Exercise for Stiff Ankle
Back pain affects approximately 80% of people, whether it is acute or chronic pain. Back pain is particularly common in sitting occupations where we are constantly loading the spine. At PHYSIO4ALL we have concerns that an ever increasing amount of office workers are getting back/neck pain due to poor workplace ergonomics and sitting for much too long.
The Spine and Sitting
Our spine is made of 24 interlinked vertebrae divided into cervical, thoracic and lumbar vertebrae. Spinal discs provide the cushioning in between the vertebrae to prevent them from pushing against each other. When we sit our spine has to support the load of our upper body. The ideal ‘s’ shaped curve that makes a good standing posture needs to be maintained while sitting.
However, maintaining this position is difficult if you have a sedentary job. With long periods of sitting our spinal discs lose fluid and narrow, which leads to stiffness and thus are more susceptible to trauma. We lose 10% of disc height in the first two hours of sitting. This is accelerated with poor sitting posture.
Here are some tips for your ergonomics:
- Feet firmly on the floor or use a foot rest
- Monitor at eye level
- Sit against the back of the chair
- Hips and knee should be angled at 90-100 degrees
- Keep your keyboard, mouse and/or phone close to your body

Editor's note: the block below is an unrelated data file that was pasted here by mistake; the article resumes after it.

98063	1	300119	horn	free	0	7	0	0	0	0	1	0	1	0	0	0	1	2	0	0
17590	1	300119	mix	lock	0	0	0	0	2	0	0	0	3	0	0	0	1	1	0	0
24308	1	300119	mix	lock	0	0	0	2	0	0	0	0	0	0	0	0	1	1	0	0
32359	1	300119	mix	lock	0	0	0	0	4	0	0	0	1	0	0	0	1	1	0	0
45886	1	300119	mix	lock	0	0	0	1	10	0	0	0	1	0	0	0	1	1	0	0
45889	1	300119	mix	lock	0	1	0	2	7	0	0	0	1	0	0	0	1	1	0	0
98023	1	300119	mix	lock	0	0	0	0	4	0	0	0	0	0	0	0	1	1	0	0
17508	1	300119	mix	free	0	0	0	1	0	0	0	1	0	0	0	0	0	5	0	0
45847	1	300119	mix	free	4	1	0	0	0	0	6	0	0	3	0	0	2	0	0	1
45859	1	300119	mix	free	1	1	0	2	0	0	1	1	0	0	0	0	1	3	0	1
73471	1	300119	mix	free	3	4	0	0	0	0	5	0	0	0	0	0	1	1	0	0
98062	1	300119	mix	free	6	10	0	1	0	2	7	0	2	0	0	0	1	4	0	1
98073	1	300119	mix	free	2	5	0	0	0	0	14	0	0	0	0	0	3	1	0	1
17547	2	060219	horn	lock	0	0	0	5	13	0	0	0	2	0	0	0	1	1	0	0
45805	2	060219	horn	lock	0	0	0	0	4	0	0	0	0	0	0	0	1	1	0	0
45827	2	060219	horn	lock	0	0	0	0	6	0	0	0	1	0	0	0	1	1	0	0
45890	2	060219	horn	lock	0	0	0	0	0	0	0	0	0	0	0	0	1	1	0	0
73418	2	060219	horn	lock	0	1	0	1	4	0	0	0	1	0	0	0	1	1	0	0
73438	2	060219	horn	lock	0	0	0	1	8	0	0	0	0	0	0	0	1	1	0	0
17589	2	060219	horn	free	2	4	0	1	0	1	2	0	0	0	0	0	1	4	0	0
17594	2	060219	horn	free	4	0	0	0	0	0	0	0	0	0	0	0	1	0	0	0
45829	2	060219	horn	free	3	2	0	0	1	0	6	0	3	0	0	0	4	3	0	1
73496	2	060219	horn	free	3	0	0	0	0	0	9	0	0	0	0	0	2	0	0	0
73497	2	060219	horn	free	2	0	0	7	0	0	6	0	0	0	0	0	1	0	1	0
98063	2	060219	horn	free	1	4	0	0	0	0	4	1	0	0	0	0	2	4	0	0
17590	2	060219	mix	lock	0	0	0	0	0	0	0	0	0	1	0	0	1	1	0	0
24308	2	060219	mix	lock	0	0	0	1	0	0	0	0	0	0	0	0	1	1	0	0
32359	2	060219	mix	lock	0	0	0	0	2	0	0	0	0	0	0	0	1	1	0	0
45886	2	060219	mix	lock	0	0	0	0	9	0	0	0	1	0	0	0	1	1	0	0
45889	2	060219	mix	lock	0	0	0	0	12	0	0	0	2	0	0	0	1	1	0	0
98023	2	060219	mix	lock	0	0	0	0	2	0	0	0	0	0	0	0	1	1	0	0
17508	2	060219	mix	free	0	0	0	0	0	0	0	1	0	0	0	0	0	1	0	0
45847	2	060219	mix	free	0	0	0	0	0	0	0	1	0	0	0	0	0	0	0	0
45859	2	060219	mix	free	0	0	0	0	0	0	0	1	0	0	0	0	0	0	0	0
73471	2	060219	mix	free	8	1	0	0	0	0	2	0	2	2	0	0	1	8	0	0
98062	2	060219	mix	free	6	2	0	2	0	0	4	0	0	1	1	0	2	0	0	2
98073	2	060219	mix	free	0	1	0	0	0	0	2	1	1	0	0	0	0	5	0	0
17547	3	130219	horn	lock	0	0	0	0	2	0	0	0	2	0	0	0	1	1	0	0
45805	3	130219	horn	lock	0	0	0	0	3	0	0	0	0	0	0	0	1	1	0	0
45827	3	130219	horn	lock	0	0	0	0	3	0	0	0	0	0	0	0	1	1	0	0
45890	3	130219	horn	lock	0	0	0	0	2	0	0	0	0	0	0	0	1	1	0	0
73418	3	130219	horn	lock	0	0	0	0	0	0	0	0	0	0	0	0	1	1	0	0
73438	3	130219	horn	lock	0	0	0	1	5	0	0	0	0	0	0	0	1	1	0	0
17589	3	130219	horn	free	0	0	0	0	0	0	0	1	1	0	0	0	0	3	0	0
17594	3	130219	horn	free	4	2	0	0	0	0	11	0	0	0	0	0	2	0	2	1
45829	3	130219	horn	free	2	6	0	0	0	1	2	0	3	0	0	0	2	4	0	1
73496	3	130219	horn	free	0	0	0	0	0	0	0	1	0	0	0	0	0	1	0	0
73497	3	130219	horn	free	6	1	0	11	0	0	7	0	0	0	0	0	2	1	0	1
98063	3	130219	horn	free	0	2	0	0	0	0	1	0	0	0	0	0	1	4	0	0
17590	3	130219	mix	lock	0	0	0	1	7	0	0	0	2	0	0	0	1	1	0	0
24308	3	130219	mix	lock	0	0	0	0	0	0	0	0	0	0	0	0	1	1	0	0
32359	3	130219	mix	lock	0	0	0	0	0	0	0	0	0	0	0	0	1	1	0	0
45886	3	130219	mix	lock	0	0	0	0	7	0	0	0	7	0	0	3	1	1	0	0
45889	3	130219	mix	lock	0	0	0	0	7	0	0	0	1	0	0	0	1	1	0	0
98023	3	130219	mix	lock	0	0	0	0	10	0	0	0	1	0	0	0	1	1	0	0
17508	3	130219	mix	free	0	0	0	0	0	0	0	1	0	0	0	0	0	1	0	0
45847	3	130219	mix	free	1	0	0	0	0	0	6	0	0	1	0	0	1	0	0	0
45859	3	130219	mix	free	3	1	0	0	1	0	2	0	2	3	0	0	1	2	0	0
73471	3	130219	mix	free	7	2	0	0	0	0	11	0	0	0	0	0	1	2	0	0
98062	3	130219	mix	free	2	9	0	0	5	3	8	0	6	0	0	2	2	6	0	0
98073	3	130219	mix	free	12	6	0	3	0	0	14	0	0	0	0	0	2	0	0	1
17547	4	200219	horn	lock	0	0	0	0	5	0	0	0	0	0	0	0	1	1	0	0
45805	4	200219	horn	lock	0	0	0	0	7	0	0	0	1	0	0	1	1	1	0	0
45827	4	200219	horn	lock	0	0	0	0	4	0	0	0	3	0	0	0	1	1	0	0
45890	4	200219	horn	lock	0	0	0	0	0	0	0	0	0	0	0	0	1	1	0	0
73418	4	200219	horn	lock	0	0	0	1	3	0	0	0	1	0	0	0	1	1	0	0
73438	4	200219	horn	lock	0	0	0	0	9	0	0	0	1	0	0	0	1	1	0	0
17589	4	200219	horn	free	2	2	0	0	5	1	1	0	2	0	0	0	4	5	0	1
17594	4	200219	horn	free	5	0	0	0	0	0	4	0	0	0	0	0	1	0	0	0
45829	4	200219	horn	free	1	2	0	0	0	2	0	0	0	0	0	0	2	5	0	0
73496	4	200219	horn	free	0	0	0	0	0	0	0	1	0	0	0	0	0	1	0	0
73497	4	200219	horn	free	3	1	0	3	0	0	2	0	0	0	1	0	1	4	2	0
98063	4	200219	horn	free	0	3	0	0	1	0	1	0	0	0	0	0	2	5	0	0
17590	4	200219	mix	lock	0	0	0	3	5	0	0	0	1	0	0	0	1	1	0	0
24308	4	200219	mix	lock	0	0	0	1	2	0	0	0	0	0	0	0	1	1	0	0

How to reduce pressure in your discs:
- Get up regularly when sitting – every 30/40 mins
- Perform daily decompression exercise (see attached video)
- Maintain a strong core strength, Pilates is great for this
- Ensure the ergonomics at your work station are correct
- Use tactics to make good posture easy (ask us how)
Check out these great videos!
For some great posture exercises, check out these videos:
If you would like any advice regarding your posture or workstation ergonomics, or about any of our services, please call us on 9922 2212 or email us on firstname.lastname@example.org
What is it?
80% of people will suffer lower back pain at some point in their lives. So we at Physio4All believe that you should recognise the significant role lumbopelvic stability plays in back pain. Pain in the lumbopelvic region can come from many different areas including: lower back, pelvis, leg, hip and groin pain.
Lumbo-pelvic stability is the ability of the structures of the lower back and pelvis to maintain the optimum (neutral) position of the spine and pelvic girdle.
Lower back and pelvic pain can be caused by many factors including: cancer, disc herniation/rupture, nerve root compression, degeneration/arthritis, facet joint inflammation/stiffness, sacroiliac injuries
- These are often due to poor postural awareness and/or movement strategies
- This therefore leads to the inability to activate the “core”, substitution of the outer muscles to do the work of the “core”
- All this increases the load placed onto your lumbar spine and pelvis thus leading to lumbo pelvic instability and injury
Retraining Lumbopelvic Stability
- This must begin with postural retraining to maintain neutral spine which decreases loading on our joints
- Relaxing overactive muscles is essential to reduce tension ie commonly the hip flexors, hamstrings, glutes may be overactive
- Core muscle activation and gluteal activation must be trained to regain lumbopelvic stability
- To the right are examples of lumbopelvic stability exercises
If you would like to learn more about Training and Recovery, or about any of our services, please call us on 9922 2212 or email us on email@example.com.